Groundbreaking legislation legalizing physician-assisted suicide just passed both branches of the Vermont State Congress.

The bill, entitled, "The Patient Choice and Control at End of Life Act," will automatically go into effect, once Vermont governor, Peter Shumlin, signs on the dotted line. His signature would officially make Vermont the first state to approve such a law through the legislative process. Oregon and Washington have had similar legislation for years; however, both of their laws were passed via public referendum.

Physician-assisted suicide (also dubbed, "death-with-dignity") laws allow doctors to legally prescribe lethal prescription drugs to people with are near death. These rulings also provide protection for friends and family members who support a dying individual's choice.

For more than a decade the Vermont's version of a death-with-dignity law has been under construction; traveling back and forth between the state's House and Senate several times and undergoing multiple revisions.

The final iteration of the bill closely mirrors the one passed in Oregon over 15 years ago. Here are a few of the key provisions in Vermont's bill:

A person applying for a deadly dose of medication must:

  • Have a terminal illness with a prognosis of six months or less
  • Undergo a complete examination of their current and past health status
  • Be deemed capable of making a decision
  • Be able to take the medication themselves

Also included in the bill are specific protections for anyone who is present when a terminally ill individual consumes doctor-prescribed life-ending medication.

Should physician-assisted suicide be legal?

This question has been debated for years, with equally-impassioned advocates falling on both sides of the debate.

Those who support such legislation argue that every person should have the right to decide for themselves when they want to die. Those who oppose it paint horrifying pictures of people coerced into ending their own lives, either by ill-intentioned family members, or a government seeking to rid itself of the people putting the greatest amount of financial strain on America's over-burdened healthcare system. Religion adds further fuel to dissenters, many of whom feel that suicide is a sinful act.

So strong are the concerns associated with death-with-dignity legislation, that each of the three bills that have passed includes a clause requiring their respective state Health Departments to conduct regular reviews of the initiative, collecting data and monitoring any potential abuses.

The statistics compiled thus far indicate that fears of an epidemic of forced suicide may be misplaced.

In their 2012 statement, the Oregon Health Department reported that only 77 people sought to end their lives early via the state's Death with Dignity Act. This means that, overall, the legislation accounted for approximately .2 percent of all deaths in the state for that year.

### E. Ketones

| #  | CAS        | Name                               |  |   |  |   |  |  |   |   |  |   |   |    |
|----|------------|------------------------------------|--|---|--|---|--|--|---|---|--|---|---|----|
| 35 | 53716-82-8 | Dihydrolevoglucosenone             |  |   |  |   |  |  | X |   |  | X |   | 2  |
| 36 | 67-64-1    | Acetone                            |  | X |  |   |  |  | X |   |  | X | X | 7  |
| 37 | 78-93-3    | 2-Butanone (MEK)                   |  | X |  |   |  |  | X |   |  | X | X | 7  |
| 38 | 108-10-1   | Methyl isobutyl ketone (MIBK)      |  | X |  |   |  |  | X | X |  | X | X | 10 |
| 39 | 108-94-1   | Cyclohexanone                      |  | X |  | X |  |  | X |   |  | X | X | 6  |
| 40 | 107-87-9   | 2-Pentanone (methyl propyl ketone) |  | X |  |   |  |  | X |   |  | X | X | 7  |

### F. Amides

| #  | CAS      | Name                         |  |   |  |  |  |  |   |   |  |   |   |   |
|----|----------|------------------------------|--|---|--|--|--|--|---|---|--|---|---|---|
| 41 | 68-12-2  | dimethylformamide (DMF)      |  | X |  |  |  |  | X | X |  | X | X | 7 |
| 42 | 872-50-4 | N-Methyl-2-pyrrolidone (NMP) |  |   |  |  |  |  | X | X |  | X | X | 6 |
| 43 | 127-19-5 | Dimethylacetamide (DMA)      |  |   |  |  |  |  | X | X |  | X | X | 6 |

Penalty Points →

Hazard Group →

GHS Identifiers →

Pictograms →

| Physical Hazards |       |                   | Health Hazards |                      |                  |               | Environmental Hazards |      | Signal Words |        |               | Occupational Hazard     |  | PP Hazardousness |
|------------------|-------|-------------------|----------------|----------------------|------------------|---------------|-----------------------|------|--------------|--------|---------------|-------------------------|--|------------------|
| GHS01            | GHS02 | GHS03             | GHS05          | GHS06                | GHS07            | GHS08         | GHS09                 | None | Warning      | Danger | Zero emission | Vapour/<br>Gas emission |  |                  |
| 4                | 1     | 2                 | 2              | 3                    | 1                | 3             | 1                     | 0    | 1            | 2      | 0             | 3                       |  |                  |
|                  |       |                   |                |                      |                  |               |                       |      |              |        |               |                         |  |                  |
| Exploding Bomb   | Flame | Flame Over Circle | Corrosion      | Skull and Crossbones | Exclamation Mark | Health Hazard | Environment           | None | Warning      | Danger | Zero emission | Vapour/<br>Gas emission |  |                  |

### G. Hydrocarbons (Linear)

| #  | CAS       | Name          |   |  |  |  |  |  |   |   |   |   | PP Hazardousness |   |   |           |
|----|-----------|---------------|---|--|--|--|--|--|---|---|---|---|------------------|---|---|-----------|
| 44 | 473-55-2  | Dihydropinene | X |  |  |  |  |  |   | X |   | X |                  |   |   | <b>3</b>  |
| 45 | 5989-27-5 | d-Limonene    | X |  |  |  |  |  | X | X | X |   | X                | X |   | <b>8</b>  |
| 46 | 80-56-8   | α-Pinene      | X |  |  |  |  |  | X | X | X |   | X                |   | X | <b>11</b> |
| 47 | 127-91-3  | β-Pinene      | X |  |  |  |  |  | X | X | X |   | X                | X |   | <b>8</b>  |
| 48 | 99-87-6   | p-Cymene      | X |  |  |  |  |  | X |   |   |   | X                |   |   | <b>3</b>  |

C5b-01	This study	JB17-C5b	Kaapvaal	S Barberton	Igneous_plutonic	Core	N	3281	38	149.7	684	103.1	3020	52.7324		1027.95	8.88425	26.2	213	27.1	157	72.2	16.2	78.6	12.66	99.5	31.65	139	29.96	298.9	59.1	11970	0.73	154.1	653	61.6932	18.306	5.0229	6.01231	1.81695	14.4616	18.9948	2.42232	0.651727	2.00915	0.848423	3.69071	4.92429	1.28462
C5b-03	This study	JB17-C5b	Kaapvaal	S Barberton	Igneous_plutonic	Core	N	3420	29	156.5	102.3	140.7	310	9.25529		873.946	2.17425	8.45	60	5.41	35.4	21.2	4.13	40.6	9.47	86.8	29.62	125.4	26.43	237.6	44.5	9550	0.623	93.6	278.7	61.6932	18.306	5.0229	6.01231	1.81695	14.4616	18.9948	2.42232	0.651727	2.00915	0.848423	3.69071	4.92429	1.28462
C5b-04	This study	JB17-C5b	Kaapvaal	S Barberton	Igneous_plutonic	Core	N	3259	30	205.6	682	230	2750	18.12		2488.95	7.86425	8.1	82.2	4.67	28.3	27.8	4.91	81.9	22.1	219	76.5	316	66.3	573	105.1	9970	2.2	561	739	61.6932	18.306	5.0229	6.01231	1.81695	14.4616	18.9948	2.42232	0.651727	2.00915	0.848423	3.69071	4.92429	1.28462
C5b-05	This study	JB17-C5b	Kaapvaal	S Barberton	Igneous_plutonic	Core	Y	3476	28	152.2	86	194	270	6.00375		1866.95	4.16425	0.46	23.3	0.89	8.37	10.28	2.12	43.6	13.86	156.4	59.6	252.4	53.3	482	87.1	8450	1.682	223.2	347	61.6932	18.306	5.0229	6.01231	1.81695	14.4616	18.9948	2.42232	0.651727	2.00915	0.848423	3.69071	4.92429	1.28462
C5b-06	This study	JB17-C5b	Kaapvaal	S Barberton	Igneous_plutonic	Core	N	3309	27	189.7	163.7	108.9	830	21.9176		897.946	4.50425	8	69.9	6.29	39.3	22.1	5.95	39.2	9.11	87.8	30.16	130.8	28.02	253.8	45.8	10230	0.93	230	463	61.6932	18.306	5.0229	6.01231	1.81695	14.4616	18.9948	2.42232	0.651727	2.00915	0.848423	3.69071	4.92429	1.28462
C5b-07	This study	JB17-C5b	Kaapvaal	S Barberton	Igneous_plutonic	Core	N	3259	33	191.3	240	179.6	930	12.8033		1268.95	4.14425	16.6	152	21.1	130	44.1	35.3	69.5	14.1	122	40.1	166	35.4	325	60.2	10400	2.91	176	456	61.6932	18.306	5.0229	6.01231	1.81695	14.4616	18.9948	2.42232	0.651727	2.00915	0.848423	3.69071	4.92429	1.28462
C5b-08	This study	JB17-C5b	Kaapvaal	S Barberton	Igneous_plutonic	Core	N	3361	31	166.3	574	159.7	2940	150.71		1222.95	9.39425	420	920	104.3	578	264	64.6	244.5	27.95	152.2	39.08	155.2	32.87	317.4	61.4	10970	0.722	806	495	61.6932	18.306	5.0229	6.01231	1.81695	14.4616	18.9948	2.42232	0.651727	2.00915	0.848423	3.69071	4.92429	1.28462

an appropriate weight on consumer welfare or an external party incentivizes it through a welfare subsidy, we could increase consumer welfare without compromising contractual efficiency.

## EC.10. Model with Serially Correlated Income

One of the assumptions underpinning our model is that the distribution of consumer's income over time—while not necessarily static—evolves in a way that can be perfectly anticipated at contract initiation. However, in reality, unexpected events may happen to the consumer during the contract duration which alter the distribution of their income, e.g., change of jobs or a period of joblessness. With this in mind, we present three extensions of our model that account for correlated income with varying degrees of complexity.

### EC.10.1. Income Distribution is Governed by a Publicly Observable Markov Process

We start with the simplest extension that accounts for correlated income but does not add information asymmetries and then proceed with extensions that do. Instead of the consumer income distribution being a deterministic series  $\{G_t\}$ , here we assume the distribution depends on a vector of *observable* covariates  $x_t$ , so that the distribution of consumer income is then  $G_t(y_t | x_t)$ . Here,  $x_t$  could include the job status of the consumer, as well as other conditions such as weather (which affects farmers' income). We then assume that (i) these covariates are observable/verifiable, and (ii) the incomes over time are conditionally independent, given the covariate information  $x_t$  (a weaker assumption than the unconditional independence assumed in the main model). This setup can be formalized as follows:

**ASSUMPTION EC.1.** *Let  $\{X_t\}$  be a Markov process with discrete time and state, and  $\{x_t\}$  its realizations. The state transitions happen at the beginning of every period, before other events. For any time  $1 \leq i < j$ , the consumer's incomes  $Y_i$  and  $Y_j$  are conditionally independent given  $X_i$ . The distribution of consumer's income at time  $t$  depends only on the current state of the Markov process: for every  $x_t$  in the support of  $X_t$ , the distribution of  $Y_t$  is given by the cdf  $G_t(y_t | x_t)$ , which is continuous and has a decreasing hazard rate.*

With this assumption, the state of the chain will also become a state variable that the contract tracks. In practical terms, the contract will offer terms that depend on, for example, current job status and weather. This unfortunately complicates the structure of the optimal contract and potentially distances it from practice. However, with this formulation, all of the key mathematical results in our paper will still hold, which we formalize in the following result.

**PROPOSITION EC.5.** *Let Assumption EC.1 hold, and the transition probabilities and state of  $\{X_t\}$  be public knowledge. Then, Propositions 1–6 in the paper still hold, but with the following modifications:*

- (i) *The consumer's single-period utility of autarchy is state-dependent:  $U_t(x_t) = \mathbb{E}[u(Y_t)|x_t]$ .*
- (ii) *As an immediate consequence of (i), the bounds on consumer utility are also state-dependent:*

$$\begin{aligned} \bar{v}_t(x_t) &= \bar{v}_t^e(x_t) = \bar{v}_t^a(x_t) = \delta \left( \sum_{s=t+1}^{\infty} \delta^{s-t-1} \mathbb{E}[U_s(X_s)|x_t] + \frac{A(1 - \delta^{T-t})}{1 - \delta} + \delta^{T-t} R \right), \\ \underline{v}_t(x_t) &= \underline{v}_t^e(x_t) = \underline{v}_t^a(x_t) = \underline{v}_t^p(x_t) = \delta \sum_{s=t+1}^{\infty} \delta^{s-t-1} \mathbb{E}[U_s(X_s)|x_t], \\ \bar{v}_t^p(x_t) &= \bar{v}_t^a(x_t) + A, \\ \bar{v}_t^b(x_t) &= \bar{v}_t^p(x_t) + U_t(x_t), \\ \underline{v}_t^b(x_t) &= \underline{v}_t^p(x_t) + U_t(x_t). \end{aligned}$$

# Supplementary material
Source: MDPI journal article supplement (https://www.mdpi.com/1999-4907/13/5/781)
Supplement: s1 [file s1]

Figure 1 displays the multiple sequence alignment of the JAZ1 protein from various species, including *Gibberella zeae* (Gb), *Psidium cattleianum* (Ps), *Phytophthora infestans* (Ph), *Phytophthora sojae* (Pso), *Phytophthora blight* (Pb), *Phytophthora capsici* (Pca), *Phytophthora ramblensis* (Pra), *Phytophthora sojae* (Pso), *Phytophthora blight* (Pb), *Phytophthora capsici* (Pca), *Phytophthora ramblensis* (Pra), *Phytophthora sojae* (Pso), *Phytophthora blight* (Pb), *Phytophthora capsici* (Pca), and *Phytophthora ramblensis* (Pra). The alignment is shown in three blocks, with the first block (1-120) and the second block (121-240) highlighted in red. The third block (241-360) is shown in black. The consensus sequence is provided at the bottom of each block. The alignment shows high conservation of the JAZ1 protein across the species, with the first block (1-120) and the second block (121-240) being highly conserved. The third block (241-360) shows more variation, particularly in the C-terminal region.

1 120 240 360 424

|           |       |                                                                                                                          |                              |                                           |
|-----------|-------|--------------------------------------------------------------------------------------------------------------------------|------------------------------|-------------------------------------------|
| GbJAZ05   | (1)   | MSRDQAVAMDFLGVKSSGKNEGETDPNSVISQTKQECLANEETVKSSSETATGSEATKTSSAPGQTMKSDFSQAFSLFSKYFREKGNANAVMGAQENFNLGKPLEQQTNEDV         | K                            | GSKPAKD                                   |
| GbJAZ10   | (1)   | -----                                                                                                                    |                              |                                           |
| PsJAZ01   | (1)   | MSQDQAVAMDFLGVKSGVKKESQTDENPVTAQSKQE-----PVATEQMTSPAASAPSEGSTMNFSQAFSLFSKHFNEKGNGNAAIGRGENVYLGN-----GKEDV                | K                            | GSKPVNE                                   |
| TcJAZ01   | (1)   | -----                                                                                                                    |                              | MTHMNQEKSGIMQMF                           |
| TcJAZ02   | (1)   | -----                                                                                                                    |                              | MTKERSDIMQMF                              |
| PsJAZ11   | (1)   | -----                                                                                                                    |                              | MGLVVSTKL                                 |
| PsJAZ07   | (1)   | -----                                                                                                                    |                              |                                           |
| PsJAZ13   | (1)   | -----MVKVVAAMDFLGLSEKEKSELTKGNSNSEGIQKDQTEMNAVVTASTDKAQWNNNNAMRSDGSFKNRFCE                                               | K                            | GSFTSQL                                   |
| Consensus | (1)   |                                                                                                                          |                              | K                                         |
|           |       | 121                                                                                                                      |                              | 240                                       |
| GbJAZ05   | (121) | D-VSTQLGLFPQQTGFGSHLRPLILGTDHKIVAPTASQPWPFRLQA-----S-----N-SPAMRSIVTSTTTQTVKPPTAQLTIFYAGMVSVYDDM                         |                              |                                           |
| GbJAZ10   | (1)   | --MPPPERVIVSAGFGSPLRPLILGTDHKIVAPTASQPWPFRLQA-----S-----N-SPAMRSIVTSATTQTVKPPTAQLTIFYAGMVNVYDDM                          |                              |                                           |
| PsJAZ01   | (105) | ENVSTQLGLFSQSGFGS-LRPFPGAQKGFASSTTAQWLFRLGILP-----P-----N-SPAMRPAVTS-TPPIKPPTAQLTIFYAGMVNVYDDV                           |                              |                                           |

Among the most common reasons these Oregonians cited for ending their lives early were: loss of autonomy (93%), decreasing ability to participate in activities that made life enjoyable (92%), and loss of dignity (78%).

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And the death-with-dignity movement appears to be gaining ground rather than petering out. Over the past two years, no less than eight states (Vermont, New Jersey, New Hampshire, Montana, Massachusetts, Kansas, Hawaii and Connecticut) have all introduced physician-assisted suicide bills into the legislature. However, both Connecticut and Montana also considered bills that would make it illegal for doctors to purposefully quicken their patient's dying process.

More than anyone else, family caregivers are intimately familiar with the crushing decisions that surround end-of-life care for elders. Yet, they are also a community that remains divided on the ethical, moral and practical implications of legalizing physician-assisted suicide.

Many caregivers champion the benefits of hospice care, which emphasizes the management of mental, physical and emotional pain during an elder's final months, as opposed to aggressive medical treatment. But, while hospice does offer a measure of choice to dying elders and their families, for some, it is still not enough. (See: Are Dying Seniors Getting the Care They Need?)

One caregiver asks, "Why are people allowed to suffer and animals are allowed to go in peace?" while another writes, "Can you actually help someone die with dignity?"

What do you think? Do death-with-dignity laws do more harm than good? Or, do they provide desperate elders with one final option for exercising their independence?